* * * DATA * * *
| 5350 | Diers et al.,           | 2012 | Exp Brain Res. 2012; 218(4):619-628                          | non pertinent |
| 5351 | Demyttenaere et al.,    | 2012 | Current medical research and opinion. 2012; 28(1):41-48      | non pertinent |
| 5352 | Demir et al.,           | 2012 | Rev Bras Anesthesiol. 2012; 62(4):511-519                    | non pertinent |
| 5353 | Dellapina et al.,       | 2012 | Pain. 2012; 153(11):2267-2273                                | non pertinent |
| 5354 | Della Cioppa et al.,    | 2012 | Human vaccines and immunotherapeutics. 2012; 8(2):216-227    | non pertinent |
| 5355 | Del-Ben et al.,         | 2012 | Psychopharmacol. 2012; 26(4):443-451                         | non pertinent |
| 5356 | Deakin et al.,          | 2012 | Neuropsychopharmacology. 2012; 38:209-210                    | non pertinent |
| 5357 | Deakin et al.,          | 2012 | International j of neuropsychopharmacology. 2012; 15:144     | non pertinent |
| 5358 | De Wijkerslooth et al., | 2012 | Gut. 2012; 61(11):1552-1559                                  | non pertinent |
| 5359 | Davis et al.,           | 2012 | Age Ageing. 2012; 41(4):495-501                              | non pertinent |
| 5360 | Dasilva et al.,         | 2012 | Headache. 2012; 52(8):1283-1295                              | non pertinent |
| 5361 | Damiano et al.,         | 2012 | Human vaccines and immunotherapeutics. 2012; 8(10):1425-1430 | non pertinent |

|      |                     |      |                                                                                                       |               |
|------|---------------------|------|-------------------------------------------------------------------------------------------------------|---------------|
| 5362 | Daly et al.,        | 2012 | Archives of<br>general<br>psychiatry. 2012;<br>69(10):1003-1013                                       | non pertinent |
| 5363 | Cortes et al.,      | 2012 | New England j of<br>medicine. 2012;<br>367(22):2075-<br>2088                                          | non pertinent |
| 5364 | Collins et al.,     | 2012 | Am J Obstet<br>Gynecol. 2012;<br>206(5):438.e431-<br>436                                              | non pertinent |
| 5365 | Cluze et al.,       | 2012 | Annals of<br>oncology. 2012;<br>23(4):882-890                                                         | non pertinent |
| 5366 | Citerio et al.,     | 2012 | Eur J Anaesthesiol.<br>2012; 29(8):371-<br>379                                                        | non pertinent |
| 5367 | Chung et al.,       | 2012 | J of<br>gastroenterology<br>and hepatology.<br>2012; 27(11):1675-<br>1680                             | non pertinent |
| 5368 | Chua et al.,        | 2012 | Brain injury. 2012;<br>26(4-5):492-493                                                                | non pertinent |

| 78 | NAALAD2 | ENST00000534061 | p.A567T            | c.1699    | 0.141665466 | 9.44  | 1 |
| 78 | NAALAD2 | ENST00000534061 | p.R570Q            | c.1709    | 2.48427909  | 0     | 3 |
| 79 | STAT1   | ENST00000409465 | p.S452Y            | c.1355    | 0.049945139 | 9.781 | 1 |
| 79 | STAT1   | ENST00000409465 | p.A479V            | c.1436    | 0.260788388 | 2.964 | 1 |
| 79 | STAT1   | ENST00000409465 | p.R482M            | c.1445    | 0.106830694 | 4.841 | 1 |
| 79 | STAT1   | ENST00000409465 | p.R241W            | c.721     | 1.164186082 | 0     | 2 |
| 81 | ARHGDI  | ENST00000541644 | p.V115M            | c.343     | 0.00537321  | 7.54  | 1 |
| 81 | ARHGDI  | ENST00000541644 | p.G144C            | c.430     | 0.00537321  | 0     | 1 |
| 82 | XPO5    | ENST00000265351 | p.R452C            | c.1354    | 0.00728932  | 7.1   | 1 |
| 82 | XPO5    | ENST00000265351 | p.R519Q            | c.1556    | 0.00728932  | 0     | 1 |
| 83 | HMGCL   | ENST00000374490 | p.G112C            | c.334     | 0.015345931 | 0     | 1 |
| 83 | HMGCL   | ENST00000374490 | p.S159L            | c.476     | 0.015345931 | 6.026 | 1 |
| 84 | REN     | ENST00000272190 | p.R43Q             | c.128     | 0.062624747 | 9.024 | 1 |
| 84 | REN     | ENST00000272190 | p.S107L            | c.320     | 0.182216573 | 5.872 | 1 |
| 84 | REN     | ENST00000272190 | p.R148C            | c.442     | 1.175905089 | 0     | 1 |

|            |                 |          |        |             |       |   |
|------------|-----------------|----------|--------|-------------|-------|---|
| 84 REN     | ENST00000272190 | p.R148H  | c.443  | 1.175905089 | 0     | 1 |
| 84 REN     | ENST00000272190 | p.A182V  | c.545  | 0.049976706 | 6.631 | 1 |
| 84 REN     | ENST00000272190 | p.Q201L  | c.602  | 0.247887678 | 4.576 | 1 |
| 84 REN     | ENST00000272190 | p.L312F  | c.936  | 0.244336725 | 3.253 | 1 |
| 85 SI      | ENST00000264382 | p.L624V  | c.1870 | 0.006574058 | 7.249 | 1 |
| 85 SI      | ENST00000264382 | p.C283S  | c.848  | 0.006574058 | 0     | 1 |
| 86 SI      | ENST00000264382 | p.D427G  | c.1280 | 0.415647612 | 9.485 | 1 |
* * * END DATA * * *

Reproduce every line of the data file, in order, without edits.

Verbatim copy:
| 5350 | Diers et al.,           | 2012 | Exp Brain Res. 2012; 218(4):619-628                          | non pertinent |
| 5351 | Demyttenaere et al.,    | 2012 | Current medical research and opinion. 2012; 28(1):41-48      | non pertinent |
| 5352 | Demir et al.,           | 2012 | Rev Bras Anesthesiol. 2012; 62(4):511-519                    | non pertinent |
| 5353 | Dellapina et al.,       | 2012 | Pain. 2012; 153(11):2267-2273                                | non pertinent |
| 5354 | Della Cioppa et al.,    | 2012 | Human vaccines and immunotherapeutics. 2012; 8(2):216-227    | non pertinent |
| 5355 | Del-Ben et al.,         | 2012 | Psychopharmacol. 2012; 26(4):443-451                         | non pertinent |
| 5356 | Deakin et al.,          | 2012 | Neuropsychopharmacology. 2012; 38:209-210                    | non pertinent |
| 5357 | Deakin et al.,          | 2012 | International j of neuropsychopharmacology. 2012; 15:144     | non pertinent |
| 5358 | De Wijkerslooth et al., | 2012 | Gut. 2012; 61(11):1552-1559                                  | non pertinent |
| 5359 | Davis et al.,           | 2012 | Age Ageing. 2012; 41(4):495-501                              | non pertinent |
| 5360 | Dasilva et al.,         | 2012 | Headache. 2012; 52(8):1283-1295                              | non pertinent |
| 5361 | Damiano et al.,         | 2012 | Human vaccines and immunotherapeutics. 2012; 8(10):1425-1430 | non pertinent |

|      |                     |      |                                                                                                       |               |
|------|---------------------|------|-------------------------------------------------------------------------------------------------------|---------------|
| 5362 | Daly et al.,        | 2012 | Archives of<br>general<br>psychiatry. 2012;<br>69(10):1003-1013                                       | non pertinent |
| 5363 | Cortes et al.,      | 2012 | New England j of<br>medicine. 2012;<br>367(22):2075-<br>2088                                          | non pertinent |
| 5364 | Collins et al.,     | 2012 | Am J Obstet<br>Gynecol. 2012;<br>206(5):438.e431-<br>436                                              | non pertinent |
| 5365 | Cluze et al.,       | 2012 | Annals of<br>oncology. 2012;<br>23(4):882-890                                                         | non pertinent |
| 5366 | Citerio et al.,     | 2012 | Eur J Anaesthesiol.<br>2012; 29(8):371-<br>379                                                        | non pertinent |
| 5367 | Chung et al.,       | 2012 | J of<br>gastroenterology<br>and hepatology.<br>2012; 27(11):1675-<br>1680                             | non pertinent |
| 5368 | Chua et al.,        | 2012 | Brain injury. 2012;<br>26(4-5):492-493                                                                | non pertinent |

| 78 | NAALAD2 | ENST00000534061 | p.A567T            | c.1699    | 0.141665466 | 9.44  | 1 |
| 78 | NAALAD2 | ENST00000534061 | p.R570Q            | c.1709    | 2.48427909  | 0     | 3 |
| 79 | STAT1   | ENST00000409465 | p.S452Y            | c.1355    | 0.049945139 | 9.781 | 1 |
| 79 | STAT1   | ENST00000409465 | p.A479V            | c.1436    | 0.260788388 | 2.964 | 1 |
| 79 | STAT1   | ENST00000409465 | p.R482M            | c.1445    | 0.106830694 | 4.841 | 1 |
| 79 | STAT1   | ENST00000409465 | p.R241W            | c.721     | 1.164186082 | 0     | 2 |
| 81 | ARHGDI  | ENST00000541644 | p.V115M            | c.343     | 0.00537321  | 7.54  | 1 |
| 81 | ARHGDI  | ENST00000541644 | p.G144C            | c.430     | 0.00537321  | 0     | 1 |
| 82 | XPO5    | ENST00000265351 | p.R452C            | c.1354    | 0.00728932  | 7.1   | 1 |
| 82 | XPO5    | ENST00000265351 | p.R519Q            | c.1556    | 0.00728932  | 0     | 1 |
| 83 | HMGCL   | ENST00000374490 | p.G112C            | c.334     | 0.015345931 | 0     | 1 |
| 83 | HMGCL   | ENST00000374490 | p.S159L            | c.476     | 0.015345931 | 6.026 | 1 |
| 84 | REN     | ENST00000272190 | p.R43Q             | c.128     | 0.062624747 | 9.024 | 1 |
| 84 | REN     | ENST00000272190 | p.S107L            | c.320     | 0.182216573 | 5.872 | 1 |
| 84 | REN     | ENST00000272190 | p.R148C            | c.442     | 1.175905089 | 0     | 1 |

|            |                 |          |        |             |       |   |
|------------|-----------------|----------|--------|-------------|-------|---|
| 84 REN     | ENST00000272190 | p.R148H  | c.443  | 1.175905089 | 0     | 1 |
| 84 REN     | ENST00000272190 | p.A182V  | c.545  | 0.049976706 | 6.631 | 1 |
| 84 REN     | ENST00000272190 | p.Q201L  | c.602  | 0.247887678 | 4.576 | 1 |
| 84 REN     | ENST00000272190 | p.L312F  | c.936  | 0.244336725 | 3.253 | 1 |
| 85 SI      | ENST00000264382 | p.L624V  | c.1870 | 0.006574058 | 7.249 | 1 |
| 85 SI      | ENST00000264382 | p.C283S  | c.848  | 0.006574058 | 0     | 1 |
| 86 SI      | ENST00000264382 | p.D427G  | c.1280 | 0.415647612 | 9.485 | 1 |